During the summer of 1915 the Germans advanced eastward, taking all of Poland, large swathes of Lithuania, and part of Belarus. As the Russians retreated they often committed atrocities against the locals, and especially against the Jews, who in addition to being regular targets of casual violence were often perceived as pro-German. The supreme commander of the Russian army at the time was a first cousin of the Tsar, Grand Duke Nicholas Nikolaevich, who shared the monarch’s anti-Semitic views. Rabbi Yosef Yitzchak, who as a young man invested in the logging trade, later recalled that he once had a personal business encounter with Nicholas Nikolaevich. The Grand Duke, he testified, “took pleasure in the spilling of Jewish blood.”14

In the face of the double threat of the German advance and the Russian retreat, the Rebbe Rashab resolved to leave Lubavitch. His grandfather and great-grandfather had first settled in the town following the war of 1812, and for just over a century it had been the home of fourThe tumult of war and unrest was just the beginning successive Chabad rebbes. This was not just a physical home for the Rebbe, but a place steeped in the holy spirit of Chasidism. It was here that his ancestors were buried and it was here that he had built the great Tomchei Temimim Yeshivah. Initially it was hoped that the move from Lubavitch would only be a temporary one. But in truth the tumult of war and unrest was only just beginning, and the spirit of revolution was already in the air.

Yehudah Chitrik was a student in Lubavitch at the time. In his memoirs he recalls that Rabbi Levi Yitzchak Schneersohn of Ekaterinoslav spent the Sukkot festival in Lubavitch together with the Rebbe Rashab in the fall of 1914 or 1915. Rabbi Levi Yitzchak was one of the Rebbe’s foremost lieutenants in all manner of communal affairs, and was also renowned as a kabbalistic authority in his own right. At one of the festive meals in the Rebbe’s home, Chitrik writes, a discussion about the kabbalistic significance of revolution ensued. “They searched in Kabbalistic books to find a source for this, but I did not hear what resulted from that search.”15

A long diary entry by Rabbi Yosef Yitzchak makes it very clear that no one took the Rebbe’s departure from Lubavitch lightly. Not his family, nor the Chassidim, nor even the local non-Jews. In the course of the deliberations the Rebbe spoke again of the national spirit vested in the person of the Tsar and his hope that the Tsar would somehow marshal that power to rally the army and the people and push the Germans back. “May G‑d help that in this town the Germans will never set foot, not even for a short while! … It is my hope that the hated [enemy] will not come here, and nor our marauding army.”16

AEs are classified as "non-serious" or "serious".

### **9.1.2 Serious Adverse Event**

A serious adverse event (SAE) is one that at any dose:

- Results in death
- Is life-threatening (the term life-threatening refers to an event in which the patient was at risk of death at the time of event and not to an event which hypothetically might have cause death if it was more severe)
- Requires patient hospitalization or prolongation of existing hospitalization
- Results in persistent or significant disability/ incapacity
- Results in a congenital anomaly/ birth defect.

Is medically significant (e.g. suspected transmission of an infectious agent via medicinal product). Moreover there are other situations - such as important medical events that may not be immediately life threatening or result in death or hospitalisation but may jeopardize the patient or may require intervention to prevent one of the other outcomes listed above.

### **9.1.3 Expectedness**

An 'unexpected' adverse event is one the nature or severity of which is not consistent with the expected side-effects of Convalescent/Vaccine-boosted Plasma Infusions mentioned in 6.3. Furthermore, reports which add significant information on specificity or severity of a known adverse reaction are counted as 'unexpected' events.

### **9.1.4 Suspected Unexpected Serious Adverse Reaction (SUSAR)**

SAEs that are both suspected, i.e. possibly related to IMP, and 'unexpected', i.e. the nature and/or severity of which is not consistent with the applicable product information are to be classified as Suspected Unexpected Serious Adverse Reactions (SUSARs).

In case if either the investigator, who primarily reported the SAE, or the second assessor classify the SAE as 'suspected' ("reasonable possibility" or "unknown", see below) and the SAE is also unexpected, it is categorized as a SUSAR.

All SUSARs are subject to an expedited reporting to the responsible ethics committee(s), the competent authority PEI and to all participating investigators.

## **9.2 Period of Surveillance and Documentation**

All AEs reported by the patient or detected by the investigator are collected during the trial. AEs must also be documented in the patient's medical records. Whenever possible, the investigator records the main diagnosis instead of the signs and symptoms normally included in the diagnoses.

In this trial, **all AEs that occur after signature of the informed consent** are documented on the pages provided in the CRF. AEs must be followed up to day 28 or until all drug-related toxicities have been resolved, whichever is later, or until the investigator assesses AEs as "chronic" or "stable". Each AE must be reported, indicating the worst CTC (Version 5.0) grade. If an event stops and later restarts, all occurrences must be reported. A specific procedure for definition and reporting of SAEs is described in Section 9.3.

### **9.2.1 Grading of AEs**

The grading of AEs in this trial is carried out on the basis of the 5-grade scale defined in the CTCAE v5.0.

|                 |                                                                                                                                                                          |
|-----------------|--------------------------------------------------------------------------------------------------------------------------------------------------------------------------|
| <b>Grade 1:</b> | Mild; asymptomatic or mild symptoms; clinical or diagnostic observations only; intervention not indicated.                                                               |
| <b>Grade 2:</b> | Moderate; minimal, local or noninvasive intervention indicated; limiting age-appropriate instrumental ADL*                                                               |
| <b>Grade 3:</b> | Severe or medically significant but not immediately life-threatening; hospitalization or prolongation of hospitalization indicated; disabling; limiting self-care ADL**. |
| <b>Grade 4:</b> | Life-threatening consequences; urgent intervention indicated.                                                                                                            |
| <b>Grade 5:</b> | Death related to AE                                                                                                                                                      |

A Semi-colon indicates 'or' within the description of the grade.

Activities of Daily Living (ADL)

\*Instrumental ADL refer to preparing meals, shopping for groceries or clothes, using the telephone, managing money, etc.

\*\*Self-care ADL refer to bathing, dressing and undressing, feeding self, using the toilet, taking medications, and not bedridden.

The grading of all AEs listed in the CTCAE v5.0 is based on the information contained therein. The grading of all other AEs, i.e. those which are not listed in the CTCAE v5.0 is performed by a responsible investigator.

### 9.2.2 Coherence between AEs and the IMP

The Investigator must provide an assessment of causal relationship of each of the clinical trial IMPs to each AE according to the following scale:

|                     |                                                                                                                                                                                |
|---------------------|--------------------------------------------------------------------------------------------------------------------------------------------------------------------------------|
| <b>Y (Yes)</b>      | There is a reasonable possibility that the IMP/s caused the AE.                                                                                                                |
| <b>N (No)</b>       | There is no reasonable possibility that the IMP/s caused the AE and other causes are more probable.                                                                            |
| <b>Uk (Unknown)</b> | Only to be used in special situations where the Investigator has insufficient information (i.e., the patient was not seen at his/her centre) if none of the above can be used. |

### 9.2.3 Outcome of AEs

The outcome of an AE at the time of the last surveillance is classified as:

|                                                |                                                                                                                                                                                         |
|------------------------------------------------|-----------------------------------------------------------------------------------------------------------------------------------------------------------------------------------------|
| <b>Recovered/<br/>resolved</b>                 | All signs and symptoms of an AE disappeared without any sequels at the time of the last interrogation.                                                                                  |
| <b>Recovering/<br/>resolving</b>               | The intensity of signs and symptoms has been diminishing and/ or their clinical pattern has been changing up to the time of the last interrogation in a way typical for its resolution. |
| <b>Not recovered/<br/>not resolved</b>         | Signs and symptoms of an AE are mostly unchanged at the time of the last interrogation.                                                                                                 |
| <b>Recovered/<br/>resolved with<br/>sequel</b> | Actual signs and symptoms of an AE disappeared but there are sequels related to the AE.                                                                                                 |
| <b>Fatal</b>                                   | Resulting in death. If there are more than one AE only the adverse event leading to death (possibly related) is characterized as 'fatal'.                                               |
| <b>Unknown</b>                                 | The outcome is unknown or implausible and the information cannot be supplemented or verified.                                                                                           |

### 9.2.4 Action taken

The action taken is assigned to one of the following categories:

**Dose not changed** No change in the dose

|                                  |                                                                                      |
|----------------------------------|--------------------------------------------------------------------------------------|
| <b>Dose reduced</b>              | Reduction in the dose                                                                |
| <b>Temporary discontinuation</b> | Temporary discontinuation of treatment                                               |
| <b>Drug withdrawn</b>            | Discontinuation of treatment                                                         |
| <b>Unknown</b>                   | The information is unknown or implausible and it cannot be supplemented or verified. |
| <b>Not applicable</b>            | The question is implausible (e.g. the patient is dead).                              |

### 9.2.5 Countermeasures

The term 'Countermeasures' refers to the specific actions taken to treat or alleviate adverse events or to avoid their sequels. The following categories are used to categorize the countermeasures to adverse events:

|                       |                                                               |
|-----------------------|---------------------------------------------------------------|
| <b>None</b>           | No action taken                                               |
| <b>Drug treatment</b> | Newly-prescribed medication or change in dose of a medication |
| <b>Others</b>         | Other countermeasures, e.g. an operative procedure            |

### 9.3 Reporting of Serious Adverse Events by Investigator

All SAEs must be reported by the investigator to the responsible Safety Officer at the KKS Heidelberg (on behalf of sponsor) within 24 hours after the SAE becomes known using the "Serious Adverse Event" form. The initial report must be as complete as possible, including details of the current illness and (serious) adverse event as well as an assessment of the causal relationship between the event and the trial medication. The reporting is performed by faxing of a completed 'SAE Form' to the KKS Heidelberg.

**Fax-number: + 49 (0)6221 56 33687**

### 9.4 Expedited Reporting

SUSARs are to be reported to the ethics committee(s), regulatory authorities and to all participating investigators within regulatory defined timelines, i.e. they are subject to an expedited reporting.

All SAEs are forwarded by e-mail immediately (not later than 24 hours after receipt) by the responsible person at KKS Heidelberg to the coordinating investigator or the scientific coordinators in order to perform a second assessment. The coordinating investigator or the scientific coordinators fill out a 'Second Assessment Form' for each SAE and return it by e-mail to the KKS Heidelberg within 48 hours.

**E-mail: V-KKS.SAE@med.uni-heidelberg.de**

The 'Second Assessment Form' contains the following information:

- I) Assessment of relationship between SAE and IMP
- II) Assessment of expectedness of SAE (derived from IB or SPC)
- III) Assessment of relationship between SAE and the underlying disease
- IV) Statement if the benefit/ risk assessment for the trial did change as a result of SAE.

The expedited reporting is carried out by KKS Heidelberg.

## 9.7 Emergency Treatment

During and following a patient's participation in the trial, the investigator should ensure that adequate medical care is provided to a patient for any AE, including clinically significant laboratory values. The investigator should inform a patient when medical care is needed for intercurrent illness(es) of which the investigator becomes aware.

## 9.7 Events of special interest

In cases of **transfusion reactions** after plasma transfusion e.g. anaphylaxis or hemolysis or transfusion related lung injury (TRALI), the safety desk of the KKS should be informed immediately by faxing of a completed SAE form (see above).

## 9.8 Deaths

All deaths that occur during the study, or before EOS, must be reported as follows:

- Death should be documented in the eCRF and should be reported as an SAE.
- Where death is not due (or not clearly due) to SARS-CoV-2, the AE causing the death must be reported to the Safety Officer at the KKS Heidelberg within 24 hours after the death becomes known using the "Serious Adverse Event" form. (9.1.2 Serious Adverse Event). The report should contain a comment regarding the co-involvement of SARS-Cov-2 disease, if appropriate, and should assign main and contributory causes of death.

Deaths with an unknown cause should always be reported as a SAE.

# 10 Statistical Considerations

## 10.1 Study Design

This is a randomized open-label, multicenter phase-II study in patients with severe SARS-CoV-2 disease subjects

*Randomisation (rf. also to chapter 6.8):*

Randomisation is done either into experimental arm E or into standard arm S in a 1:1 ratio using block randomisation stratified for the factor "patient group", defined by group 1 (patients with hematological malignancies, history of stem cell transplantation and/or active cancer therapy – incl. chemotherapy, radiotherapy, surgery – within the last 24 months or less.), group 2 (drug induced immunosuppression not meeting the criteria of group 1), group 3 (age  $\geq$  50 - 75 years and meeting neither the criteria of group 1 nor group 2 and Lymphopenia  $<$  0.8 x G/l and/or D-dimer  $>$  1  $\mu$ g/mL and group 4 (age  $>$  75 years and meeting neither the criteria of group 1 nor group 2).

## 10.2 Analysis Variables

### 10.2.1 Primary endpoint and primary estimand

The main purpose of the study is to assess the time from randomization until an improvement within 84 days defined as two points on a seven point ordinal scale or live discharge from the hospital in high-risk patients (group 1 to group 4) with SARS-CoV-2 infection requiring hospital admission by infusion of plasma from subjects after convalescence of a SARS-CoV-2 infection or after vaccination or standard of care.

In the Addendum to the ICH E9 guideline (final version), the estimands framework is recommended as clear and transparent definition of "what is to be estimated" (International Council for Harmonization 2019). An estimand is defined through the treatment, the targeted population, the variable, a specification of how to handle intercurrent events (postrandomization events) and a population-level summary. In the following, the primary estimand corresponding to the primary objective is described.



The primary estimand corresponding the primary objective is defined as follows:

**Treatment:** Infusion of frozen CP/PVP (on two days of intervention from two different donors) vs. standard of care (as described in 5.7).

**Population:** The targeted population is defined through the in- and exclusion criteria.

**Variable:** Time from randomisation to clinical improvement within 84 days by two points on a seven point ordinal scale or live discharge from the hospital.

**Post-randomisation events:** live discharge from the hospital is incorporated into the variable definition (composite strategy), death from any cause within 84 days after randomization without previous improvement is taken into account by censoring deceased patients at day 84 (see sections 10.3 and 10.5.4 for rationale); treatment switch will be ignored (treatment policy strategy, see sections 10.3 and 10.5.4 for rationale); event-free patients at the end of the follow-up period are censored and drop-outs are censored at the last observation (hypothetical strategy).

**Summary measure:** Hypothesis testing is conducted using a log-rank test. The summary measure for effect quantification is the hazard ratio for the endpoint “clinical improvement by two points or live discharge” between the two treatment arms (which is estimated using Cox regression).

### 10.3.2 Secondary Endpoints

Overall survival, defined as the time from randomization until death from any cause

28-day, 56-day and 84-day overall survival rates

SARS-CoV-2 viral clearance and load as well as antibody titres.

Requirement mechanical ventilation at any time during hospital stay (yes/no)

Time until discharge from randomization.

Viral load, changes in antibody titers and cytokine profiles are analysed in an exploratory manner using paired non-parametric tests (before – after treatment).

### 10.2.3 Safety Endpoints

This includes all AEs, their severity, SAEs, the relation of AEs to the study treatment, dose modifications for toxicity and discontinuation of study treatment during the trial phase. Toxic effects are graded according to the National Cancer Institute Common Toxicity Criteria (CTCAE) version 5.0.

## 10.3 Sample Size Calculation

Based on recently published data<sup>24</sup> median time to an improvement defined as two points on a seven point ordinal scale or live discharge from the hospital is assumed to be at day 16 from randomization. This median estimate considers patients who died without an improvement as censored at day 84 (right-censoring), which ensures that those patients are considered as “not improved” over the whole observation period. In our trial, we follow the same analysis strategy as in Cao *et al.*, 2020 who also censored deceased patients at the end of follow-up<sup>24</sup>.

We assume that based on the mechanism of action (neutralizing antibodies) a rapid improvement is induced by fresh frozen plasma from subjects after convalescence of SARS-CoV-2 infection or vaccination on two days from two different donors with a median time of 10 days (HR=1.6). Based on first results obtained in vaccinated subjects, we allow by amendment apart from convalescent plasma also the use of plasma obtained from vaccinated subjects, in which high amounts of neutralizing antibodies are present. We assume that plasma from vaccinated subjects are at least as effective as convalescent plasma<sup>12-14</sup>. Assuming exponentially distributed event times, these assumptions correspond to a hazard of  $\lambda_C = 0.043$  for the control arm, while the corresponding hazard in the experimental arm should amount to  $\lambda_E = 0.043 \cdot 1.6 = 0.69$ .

The Rebbe Rashab was then in the midst of delivering the great series of discourses known as Hemshekh Besha’ah Shehekdimu 5672. He would continue working on the manuscript for the rest of his life, but now that he was leaving Lubavitch a significant portion would never be orally transmitted.17 From this point until the end of the Russian Civil War, the temporary center of Chabad-Lubavitch would be far to the south, in the Caucasian city of Rostov on the River Don, at the north-eastern tip of the Black Sea. Though the Rebbe would continue to deliver Chassidic discourses, and though the Yeshiva would be partly reestablished in Rostov, the golden era of “Lubavitch in Lubavitch” had come to an end.18

The city of Lubavitch, home to the Rebbes of Chabad from 1813 to 1915. The Rebbe’s courtyard is depicted on the left.
The city of Lubavitch, home to the Rebbes of Chabad from 1813 to 1915. The Rebbe’s courtyard is depicted on the left.

Purim in Petrograd: The February Revolution

The Rebbe continued with his efforts on behalf of Jewish soldiers and refugees from Rostov. During the winter and summer of 1916 he was particularly concerned with constructing new mikvaot in the towns and cities seeing great intakes of Jewish refugees, and also with securing the exemption of the religious rabbinate from military conscription. These efforts were hampered by the increasing incompetence and disorder of Russia’s central institutions.19 The people, the Duma and even the army were rapidly losing confidence in the Tsar, and as 1916 drew to a close the vast apparatus of the Russian state was bereft of effective leadership and authority.20